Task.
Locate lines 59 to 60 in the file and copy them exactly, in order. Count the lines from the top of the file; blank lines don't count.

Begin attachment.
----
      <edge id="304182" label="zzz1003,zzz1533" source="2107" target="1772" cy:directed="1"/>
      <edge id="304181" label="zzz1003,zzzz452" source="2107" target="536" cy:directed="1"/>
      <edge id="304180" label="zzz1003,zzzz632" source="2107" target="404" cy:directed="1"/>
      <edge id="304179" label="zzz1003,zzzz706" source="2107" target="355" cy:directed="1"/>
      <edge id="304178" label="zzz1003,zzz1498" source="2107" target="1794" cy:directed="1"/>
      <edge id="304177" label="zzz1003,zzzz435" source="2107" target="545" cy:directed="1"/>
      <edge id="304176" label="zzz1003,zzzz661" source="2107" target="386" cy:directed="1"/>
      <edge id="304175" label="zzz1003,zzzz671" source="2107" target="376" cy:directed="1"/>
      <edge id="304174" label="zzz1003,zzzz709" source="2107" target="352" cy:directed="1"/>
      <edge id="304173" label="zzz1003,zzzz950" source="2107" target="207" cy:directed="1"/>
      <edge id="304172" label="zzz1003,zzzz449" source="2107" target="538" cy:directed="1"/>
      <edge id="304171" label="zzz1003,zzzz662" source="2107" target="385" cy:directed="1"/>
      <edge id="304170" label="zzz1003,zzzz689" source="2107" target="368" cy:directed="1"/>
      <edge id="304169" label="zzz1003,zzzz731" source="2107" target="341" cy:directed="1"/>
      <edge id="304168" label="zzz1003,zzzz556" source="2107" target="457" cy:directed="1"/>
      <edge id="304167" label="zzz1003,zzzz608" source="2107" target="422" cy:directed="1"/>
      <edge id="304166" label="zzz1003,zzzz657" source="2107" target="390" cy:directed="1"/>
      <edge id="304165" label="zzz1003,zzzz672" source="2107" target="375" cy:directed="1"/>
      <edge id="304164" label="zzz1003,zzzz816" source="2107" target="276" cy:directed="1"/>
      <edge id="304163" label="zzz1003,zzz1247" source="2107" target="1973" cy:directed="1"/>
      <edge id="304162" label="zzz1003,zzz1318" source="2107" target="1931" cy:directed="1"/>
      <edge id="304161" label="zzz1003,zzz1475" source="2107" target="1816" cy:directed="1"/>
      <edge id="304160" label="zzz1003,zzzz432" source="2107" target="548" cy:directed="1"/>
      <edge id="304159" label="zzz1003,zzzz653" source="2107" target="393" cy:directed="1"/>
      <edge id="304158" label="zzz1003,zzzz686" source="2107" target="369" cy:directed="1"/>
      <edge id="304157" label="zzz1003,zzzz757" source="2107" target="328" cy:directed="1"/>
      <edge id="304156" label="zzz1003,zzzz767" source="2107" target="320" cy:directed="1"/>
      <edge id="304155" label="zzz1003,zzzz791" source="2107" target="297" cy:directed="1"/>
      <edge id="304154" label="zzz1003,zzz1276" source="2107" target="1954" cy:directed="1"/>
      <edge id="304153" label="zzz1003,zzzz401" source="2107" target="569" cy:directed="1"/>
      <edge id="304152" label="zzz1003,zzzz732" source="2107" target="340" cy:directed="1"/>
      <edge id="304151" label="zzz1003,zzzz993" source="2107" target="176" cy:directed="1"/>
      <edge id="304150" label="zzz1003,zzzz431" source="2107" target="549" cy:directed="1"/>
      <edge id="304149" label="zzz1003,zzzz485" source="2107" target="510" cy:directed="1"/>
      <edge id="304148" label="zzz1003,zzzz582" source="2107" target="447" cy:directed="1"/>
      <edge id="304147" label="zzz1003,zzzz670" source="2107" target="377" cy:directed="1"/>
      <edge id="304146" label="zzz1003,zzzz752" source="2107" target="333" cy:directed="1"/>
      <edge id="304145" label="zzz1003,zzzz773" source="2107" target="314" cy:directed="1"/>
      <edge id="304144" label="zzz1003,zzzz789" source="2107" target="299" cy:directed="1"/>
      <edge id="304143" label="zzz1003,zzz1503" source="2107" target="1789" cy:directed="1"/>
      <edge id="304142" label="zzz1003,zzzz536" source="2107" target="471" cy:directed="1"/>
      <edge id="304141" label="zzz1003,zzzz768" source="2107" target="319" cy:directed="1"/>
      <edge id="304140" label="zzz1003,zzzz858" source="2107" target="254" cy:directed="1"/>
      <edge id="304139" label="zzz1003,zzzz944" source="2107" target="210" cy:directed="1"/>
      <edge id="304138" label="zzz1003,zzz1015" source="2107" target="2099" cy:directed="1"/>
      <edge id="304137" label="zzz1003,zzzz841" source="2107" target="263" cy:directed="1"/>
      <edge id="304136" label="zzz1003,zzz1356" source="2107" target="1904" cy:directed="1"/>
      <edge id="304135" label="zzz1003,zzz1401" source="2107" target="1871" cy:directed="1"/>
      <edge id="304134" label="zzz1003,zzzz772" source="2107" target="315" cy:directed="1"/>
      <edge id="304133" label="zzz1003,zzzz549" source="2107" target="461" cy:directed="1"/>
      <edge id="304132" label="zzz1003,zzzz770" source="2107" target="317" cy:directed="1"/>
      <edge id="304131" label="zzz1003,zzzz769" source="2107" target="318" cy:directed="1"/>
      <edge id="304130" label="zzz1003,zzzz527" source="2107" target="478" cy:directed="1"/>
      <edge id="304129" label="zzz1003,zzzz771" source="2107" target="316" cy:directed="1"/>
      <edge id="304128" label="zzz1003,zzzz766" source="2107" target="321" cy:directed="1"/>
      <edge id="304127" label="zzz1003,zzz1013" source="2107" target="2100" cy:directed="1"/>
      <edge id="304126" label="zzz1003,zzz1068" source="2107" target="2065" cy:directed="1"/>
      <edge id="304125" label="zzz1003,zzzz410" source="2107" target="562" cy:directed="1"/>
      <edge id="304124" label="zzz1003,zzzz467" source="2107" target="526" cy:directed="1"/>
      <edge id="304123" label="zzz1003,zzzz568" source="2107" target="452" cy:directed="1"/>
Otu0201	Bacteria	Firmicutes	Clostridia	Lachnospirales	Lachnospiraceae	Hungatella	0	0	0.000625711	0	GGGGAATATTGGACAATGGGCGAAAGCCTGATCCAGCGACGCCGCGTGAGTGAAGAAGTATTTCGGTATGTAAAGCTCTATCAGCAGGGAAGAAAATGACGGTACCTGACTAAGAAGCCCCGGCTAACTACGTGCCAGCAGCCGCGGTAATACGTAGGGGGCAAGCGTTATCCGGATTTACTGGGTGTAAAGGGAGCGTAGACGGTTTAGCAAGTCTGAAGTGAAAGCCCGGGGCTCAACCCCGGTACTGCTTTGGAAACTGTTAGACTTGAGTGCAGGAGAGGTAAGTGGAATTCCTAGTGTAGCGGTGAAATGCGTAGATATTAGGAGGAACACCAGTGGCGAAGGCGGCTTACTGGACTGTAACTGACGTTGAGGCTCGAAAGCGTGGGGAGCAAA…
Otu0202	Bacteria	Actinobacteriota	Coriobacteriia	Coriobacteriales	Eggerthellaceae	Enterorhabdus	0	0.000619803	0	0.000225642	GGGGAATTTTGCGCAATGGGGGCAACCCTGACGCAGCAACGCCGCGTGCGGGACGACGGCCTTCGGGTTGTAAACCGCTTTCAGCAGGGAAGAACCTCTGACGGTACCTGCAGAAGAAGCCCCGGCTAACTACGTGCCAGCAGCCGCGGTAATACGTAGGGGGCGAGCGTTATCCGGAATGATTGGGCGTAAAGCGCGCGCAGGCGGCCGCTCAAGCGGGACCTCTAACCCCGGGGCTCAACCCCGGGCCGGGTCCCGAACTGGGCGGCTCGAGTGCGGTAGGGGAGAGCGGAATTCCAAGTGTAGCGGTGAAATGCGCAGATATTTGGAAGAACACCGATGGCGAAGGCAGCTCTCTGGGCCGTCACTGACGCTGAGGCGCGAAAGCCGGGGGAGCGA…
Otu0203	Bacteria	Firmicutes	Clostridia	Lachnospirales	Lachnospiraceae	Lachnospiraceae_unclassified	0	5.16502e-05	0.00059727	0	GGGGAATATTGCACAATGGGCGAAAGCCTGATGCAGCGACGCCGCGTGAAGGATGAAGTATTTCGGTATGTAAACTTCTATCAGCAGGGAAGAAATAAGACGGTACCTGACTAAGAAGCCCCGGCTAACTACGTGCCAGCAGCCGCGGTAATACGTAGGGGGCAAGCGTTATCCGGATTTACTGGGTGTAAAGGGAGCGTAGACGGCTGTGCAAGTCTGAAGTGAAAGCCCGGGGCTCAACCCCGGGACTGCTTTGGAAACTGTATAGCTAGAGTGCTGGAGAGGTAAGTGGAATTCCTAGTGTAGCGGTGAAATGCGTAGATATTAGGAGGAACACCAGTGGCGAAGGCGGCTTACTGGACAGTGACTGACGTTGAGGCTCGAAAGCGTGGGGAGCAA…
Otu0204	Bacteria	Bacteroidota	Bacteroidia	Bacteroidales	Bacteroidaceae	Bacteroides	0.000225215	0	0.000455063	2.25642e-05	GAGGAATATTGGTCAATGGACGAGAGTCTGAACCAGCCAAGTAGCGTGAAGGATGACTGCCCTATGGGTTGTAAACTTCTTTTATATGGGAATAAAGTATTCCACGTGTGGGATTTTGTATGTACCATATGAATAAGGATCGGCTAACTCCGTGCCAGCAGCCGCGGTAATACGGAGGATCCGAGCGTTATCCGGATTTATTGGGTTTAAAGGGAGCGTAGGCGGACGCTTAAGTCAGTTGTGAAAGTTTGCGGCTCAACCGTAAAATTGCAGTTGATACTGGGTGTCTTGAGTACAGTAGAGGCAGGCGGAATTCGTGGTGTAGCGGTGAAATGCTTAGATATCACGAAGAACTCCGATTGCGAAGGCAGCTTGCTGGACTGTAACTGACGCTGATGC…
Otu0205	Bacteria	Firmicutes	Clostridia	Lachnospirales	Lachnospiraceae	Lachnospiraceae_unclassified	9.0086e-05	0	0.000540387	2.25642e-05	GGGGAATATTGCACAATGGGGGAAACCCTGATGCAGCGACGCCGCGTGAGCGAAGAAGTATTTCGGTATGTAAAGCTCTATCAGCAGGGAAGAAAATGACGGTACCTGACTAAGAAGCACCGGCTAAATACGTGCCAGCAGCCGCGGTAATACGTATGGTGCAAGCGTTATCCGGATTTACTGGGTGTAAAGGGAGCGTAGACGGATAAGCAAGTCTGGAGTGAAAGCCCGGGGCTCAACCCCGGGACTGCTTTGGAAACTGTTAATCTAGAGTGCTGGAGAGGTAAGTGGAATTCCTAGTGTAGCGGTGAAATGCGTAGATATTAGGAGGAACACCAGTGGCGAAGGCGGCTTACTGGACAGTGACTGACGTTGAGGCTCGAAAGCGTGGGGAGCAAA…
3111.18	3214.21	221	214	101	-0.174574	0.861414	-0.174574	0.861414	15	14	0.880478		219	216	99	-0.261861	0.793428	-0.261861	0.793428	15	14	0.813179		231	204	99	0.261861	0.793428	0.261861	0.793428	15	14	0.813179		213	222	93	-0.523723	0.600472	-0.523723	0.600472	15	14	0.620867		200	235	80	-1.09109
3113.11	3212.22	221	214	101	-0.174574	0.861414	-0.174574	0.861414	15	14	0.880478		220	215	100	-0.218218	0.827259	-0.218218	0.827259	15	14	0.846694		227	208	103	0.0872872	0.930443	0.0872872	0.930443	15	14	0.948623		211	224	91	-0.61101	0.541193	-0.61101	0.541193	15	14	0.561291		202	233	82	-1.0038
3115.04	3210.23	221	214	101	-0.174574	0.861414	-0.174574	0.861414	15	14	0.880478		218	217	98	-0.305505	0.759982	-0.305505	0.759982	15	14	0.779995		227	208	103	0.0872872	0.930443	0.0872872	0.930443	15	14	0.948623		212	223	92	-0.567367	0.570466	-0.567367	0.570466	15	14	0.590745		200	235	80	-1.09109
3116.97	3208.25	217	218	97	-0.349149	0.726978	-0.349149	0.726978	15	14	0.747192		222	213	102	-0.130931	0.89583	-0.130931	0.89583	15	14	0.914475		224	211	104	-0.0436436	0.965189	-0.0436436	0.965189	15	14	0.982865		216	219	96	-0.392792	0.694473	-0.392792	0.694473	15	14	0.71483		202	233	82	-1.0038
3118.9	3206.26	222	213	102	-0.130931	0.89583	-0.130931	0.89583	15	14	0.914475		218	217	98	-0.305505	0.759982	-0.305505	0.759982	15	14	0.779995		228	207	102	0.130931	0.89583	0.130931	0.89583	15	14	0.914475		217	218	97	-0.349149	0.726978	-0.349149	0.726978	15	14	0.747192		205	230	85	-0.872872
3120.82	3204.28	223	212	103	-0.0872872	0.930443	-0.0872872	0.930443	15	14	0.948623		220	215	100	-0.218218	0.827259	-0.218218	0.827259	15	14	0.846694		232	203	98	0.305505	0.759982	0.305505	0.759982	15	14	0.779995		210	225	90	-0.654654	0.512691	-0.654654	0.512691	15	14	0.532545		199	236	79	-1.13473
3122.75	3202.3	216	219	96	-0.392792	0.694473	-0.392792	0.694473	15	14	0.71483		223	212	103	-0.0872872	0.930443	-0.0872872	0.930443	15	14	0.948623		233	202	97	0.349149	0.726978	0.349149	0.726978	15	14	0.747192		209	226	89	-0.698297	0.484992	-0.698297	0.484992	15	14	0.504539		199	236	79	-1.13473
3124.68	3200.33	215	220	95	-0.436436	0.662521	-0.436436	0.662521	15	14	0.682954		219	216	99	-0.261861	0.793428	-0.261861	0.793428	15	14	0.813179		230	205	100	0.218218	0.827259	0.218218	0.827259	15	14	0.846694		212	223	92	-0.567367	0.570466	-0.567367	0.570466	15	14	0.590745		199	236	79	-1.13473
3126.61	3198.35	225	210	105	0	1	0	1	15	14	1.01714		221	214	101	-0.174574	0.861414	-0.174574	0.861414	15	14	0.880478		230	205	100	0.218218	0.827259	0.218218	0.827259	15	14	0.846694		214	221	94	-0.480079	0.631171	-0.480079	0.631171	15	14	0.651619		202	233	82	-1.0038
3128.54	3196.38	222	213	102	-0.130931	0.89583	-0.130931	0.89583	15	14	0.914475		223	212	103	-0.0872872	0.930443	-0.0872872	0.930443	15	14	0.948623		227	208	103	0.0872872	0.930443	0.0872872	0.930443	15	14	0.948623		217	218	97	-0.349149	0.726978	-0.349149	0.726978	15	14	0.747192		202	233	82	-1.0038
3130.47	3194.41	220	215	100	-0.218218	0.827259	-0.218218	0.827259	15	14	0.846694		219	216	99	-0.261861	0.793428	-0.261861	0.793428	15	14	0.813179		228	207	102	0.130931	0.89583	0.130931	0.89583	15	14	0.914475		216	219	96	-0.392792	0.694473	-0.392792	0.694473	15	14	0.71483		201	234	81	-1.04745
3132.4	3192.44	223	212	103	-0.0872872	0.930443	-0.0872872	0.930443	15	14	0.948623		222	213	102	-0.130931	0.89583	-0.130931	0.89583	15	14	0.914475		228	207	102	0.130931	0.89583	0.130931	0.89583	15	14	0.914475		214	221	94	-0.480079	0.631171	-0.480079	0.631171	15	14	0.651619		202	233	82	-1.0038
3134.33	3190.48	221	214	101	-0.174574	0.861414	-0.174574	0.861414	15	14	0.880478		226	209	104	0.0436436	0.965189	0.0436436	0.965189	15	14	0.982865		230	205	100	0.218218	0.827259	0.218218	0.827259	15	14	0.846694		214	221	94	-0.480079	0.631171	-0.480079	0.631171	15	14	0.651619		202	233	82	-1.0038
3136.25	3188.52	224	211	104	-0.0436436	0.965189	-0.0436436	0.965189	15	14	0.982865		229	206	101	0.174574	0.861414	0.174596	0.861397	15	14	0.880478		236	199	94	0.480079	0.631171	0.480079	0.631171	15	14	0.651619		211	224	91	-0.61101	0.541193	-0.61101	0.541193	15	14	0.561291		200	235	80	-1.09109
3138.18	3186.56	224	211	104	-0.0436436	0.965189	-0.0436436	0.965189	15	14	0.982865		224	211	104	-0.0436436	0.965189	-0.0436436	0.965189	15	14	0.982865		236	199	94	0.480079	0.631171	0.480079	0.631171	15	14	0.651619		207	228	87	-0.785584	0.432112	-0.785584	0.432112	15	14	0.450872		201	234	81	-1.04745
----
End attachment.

      <edge id="304124" label="zzz1003,zzzz467" source="2107" target="526" cy:directed="1"/>
      <edge id="304123" label="zzz1003,zzzz568" source="2107" target="452" cy:directed="1"/>